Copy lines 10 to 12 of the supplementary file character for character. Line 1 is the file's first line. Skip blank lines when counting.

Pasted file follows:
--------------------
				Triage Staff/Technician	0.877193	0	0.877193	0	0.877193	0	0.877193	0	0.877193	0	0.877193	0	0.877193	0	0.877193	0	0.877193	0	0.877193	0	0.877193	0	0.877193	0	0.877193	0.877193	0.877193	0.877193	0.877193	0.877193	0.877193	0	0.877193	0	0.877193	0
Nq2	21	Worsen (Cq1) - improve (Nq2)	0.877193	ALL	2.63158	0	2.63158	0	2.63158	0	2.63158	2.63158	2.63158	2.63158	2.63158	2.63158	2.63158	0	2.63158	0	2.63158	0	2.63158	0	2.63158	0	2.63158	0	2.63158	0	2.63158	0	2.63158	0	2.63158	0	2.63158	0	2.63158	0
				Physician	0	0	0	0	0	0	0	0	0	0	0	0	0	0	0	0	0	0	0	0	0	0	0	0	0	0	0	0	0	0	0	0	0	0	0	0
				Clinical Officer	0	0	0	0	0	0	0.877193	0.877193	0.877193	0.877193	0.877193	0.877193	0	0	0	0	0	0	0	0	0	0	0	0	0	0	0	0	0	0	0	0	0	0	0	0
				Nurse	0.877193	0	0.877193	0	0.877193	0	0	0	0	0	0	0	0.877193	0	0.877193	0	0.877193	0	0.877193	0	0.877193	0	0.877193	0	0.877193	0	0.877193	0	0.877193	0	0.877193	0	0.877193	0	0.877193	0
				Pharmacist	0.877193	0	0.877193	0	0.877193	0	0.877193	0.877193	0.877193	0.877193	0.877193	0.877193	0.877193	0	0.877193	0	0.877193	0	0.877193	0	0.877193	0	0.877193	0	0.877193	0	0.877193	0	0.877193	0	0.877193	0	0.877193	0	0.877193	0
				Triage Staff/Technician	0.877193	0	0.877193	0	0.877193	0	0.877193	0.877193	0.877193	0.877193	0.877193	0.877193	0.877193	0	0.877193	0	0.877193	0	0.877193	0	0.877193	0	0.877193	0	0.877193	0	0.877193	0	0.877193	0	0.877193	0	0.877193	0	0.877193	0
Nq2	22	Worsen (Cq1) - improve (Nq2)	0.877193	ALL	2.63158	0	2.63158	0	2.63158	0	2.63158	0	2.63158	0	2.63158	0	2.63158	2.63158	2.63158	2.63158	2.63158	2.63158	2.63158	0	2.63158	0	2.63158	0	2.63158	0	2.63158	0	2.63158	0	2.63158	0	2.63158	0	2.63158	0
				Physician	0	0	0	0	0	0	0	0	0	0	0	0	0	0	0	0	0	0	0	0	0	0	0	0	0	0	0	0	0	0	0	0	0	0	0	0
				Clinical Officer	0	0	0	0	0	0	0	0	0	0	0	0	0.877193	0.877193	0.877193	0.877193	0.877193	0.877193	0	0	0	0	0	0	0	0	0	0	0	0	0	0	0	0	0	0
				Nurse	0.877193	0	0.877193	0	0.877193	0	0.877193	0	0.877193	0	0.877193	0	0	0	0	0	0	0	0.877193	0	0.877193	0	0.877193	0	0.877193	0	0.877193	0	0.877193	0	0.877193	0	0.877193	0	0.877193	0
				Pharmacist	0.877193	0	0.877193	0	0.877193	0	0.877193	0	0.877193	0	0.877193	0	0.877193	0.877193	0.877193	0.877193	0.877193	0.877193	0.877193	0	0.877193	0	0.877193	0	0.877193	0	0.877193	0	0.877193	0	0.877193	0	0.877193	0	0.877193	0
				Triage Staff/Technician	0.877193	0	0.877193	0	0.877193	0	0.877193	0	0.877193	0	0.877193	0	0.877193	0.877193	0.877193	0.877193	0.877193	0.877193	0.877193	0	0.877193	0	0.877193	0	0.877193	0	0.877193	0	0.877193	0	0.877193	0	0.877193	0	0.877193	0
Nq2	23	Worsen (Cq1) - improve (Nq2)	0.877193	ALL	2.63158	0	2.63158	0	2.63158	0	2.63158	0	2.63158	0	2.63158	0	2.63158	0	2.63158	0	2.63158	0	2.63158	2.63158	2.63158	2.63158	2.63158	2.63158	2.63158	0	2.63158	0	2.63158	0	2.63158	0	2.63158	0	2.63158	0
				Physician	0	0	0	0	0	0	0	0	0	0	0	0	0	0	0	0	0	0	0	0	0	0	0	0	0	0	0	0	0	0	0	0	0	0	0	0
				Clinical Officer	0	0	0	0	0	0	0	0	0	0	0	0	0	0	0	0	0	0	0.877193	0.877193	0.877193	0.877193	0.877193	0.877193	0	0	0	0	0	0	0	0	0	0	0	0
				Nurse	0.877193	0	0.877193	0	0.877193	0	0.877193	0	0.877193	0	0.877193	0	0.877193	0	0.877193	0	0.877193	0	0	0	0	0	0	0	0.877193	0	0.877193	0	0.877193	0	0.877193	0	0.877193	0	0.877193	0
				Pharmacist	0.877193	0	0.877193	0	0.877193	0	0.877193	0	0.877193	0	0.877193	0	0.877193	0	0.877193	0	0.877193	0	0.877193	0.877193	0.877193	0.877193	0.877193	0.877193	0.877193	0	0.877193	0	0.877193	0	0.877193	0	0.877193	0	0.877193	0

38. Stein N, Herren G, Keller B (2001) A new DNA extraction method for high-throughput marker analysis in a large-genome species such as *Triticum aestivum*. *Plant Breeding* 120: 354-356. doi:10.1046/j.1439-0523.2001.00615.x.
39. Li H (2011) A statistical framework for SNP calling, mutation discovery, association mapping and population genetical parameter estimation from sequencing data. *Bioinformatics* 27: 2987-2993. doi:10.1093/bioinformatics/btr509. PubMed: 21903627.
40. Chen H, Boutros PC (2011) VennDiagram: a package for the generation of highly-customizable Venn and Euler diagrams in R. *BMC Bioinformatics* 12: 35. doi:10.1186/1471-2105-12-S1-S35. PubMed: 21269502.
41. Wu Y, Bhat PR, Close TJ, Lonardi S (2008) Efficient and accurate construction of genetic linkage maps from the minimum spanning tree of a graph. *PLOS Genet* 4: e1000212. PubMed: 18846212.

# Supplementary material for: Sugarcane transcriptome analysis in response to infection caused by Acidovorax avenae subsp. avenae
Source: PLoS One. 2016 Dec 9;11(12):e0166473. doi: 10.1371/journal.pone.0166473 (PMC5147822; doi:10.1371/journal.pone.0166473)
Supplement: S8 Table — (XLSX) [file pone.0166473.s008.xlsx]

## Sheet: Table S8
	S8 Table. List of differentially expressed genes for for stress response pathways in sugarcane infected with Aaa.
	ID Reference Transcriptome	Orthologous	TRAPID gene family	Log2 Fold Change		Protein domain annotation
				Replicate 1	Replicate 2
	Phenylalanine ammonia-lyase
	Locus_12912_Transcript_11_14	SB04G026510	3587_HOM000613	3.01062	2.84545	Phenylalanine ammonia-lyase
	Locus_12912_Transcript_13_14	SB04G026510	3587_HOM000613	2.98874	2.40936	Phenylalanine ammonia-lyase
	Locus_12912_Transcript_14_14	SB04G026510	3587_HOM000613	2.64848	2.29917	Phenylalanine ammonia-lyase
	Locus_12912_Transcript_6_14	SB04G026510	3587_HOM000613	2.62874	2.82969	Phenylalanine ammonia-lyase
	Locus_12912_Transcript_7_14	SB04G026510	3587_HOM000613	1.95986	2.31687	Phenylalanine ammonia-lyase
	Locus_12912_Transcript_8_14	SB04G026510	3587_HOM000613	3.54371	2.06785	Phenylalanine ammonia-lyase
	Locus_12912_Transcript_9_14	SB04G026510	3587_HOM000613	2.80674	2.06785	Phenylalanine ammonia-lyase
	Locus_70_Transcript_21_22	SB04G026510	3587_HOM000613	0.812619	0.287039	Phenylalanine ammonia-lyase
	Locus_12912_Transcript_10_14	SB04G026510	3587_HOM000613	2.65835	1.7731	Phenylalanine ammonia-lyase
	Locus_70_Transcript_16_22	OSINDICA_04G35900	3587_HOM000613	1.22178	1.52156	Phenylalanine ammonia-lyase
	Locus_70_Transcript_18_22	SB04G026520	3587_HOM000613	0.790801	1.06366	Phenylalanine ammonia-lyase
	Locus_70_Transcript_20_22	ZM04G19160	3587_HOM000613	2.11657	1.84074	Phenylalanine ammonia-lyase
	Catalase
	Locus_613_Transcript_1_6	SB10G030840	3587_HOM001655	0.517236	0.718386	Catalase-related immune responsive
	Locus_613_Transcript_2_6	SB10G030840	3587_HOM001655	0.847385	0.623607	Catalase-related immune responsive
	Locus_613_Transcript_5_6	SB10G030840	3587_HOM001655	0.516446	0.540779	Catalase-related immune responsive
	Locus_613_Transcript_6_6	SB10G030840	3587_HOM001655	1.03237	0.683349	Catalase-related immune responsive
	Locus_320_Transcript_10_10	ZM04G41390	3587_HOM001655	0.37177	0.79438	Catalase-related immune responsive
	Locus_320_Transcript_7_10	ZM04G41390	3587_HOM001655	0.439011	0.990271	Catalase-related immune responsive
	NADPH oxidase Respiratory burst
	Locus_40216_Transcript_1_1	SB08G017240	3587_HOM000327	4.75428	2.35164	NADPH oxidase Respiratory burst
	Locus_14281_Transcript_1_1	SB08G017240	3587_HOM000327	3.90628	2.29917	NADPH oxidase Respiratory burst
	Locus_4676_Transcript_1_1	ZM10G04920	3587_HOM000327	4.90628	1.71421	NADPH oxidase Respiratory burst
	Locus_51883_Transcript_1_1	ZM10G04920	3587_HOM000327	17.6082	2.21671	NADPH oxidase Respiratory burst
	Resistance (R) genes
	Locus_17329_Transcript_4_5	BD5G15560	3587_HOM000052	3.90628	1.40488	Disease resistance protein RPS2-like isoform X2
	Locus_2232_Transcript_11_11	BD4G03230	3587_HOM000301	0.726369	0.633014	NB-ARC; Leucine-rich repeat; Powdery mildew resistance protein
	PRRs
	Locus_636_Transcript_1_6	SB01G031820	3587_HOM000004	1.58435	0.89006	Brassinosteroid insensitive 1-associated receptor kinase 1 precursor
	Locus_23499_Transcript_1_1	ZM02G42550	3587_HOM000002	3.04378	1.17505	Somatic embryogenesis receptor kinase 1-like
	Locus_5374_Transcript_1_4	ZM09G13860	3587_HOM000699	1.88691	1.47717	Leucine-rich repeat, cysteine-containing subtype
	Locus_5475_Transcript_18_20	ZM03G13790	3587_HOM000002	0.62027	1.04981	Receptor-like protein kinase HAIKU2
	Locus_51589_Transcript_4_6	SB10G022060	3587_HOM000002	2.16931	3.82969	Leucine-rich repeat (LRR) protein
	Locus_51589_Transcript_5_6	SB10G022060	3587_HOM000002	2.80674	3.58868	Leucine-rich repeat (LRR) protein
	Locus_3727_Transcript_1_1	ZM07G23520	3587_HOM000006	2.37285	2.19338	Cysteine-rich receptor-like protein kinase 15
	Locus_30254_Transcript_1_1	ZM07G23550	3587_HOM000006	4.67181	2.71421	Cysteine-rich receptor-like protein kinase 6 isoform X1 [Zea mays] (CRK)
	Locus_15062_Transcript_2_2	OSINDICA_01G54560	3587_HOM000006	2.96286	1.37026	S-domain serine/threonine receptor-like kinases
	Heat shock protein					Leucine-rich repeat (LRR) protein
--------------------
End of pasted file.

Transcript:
				Clinical Officer	0	0	0	0	0	0	0	0	0	0	0	0	0.877193	0.877193	0.877193	0.877193	0.877193	0.877193	0	0	0	0	0	0	0	0	0	0	0	0	0	0	0	0	0	0
				Nurse	0.877193	0	0.877193	0	0.877193	0	0.877193	0	0.877193	0	0.877193	0	0	0	0	0	0	0	0.877193	0	0.877193	0	0.877193	0	0.877193	0	0.877193	0	0.877193	0	0.877193	0	0.877193	0	0.877193	0
				Pharmacist	0.877193	0	0.877193	0	0.877193	0	0.877193	0	0.877193	0	0.877193	0	0.877193	0.877193	0.877193	0.877193	0.877193	0.877193	0.877193	0	0.877193	0	0.877193	0	0.877193	0	0.877193	0	0.877193	0	0.877193	0	0.877193	0	0.877193	0